06 Apr The Shins; King James, Version 4.0
Mercer reclaims pop’s throne with Port of Morrow
It’s been a long time coming, but with the latest album from The Shins, Port of Morrow – the “band’s” fourth long player, it becomes abundantly clear that James Mercer is a master songwriter – and the one in charge.
Who knows why it’s been five years since Wincing the Night Away – a solid, if not underappreciated album – after which Sir Elton John dubbed Mercer the most talented songwriter.
The fact is that, for true pop music lovers, it was worth the wait.
Mercer has currently created a musical kingdom (a part of Portlandia?) from which to explore his sonic adventures; Port of Morrow (an actual location in Portland) allowed him to bring in members of the original band (court jester Marty Crandall guests on keyboards, Dave Hernandez provides bass and guitar work) along with Pacific Northwest icons (Janet Weiss provides some solid drumming on the standout single, “Simple Song”, and a handful of other tunes).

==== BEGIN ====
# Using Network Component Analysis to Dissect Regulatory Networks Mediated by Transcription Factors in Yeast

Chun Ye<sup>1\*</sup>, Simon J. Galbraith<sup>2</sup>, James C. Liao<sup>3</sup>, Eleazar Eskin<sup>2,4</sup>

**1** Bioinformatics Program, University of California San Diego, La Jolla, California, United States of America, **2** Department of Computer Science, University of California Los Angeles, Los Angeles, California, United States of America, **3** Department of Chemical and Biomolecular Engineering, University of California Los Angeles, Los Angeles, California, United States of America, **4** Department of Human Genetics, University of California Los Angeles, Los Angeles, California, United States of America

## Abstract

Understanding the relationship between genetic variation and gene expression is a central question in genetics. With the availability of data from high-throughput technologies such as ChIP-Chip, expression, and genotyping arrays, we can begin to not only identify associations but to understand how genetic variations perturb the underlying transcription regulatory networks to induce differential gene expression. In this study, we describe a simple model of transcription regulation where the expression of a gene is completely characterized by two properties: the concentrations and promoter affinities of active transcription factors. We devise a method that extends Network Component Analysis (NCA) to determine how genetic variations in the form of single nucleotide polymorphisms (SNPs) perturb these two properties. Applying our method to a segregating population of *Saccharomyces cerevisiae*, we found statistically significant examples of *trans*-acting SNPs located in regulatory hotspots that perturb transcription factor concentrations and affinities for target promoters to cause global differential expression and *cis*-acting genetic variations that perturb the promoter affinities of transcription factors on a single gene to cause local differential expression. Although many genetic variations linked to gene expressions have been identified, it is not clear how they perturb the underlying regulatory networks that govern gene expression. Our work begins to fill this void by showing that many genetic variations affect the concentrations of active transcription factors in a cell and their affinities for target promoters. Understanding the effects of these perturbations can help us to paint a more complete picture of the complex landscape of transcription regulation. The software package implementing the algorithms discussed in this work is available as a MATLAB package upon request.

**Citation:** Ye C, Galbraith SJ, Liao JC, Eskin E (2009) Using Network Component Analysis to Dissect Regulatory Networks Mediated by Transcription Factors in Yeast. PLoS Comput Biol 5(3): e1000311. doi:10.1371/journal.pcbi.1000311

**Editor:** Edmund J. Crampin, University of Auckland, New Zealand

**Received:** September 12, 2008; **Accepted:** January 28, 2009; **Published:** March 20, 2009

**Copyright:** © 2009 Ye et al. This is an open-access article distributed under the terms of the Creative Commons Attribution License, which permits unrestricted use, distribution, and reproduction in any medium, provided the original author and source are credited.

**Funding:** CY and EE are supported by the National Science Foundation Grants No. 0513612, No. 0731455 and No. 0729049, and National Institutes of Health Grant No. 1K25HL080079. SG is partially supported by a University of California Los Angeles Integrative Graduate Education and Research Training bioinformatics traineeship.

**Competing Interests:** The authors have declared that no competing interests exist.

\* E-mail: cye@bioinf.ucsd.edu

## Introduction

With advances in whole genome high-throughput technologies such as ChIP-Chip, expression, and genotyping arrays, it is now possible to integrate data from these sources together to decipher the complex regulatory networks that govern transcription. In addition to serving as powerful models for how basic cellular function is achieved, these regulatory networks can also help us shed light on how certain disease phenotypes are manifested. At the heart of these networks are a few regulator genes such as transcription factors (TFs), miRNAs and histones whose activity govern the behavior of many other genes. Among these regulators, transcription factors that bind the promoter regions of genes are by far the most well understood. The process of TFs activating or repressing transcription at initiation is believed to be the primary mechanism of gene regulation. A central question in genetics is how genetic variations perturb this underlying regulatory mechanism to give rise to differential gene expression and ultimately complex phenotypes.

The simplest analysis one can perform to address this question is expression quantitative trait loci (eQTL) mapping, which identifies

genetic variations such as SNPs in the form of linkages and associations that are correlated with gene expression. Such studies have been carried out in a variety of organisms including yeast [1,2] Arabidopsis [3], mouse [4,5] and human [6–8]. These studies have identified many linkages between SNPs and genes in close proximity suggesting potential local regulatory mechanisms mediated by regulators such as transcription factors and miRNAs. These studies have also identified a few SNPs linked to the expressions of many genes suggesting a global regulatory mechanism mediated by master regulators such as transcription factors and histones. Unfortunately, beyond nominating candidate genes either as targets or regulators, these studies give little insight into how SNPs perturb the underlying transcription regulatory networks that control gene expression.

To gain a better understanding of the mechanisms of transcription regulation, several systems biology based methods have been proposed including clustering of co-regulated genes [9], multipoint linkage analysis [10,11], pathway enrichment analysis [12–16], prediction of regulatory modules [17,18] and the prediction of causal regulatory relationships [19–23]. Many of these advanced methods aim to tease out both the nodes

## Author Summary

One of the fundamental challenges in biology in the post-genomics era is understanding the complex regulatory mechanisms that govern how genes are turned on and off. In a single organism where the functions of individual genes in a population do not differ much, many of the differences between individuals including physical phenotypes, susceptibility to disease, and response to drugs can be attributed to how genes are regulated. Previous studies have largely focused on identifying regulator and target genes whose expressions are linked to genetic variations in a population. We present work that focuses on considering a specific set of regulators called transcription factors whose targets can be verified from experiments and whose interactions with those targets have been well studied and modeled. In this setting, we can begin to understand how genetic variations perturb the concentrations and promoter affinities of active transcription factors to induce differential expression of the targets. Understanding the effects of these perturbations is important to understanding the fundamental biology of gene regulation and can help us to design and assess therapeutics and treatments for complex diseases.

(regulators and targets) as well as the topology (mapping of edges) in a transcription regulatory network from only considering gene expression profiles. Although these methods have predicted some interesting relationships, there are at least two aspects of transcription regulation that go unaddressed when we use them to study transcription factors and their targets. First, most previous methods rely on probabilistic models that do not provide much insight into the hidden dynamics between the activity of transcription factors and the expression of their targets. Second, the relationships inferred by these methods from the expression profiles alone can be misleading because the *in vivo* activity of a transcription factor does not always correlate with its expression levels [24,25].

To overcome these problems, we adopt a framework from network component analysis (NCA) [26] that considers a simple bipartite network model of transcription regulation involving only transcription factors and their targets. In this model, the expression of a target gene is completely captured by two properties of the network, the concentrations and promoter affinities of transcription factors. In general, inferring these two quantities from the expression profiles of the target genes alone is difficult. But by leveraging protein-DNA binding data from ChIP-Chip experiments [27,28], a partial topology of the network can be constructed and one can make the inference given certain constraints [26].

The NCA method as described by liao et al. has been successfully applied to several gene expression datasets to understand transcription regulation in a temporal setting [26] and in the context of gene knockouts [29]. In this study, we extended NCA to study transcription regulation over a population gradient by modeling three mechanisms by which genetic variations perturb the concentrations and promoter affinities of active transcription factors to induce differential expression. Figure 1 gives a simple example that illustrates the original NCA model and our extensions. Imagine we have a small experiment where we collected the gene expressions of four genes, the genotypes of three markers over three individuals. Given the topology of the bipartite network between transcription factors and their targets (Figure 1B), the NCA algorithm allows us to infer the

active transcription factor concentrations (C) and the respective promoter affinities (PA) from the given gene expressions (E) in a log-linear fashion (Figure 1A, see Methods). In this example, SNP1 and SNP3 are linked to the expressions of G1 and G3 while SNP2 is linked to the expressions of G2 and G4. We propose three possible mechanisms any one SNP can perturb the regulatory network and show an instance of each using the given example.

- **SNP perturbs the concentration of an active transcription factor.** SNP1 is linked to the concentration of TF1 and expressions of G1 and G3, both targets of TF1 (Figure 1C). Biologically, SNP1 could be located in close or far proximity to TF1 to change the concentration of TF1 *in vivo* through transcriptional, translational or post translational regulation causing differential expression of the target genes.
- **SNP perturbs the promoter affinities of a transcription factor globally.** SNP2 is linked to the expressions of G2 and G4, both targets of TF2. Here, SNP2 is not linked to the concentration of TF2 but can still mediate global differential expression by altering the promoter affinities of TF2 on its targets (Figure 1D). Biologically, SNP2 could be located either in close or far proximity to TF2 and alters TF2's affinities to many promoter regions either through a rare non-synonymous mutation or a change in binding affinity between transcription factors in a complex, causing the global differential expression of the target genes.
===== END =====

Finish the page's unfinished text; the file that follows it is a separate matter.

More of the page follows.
Perhaps it is because of this mix of the old and the new that the record occasionally pays homage to some of the great sounds to be found on the band’s debut (Oh, Inverted World) on tracks like “September”…while still exploring Mercer’s fascination with country-bar balladry (“40 Mark Strasse”) and his continued inspiration via 60’s pop (“Bait and Switch”).
Even with the different players, and the sonic shifts, the album is one of the band’s most cohesive. Mercer’s combination of hooks you think you’ve heard before, along with lyrics that run the gamut from clever playfulness to melancholy memory, remind the informed listener that it is possible to have solid songcraft for an entire album.
Perhaps Mercer knows that absence makes the heart grow fonder, and that in The Shin’s five-year hiatus, there really haven’t been any serious challengers to his throne.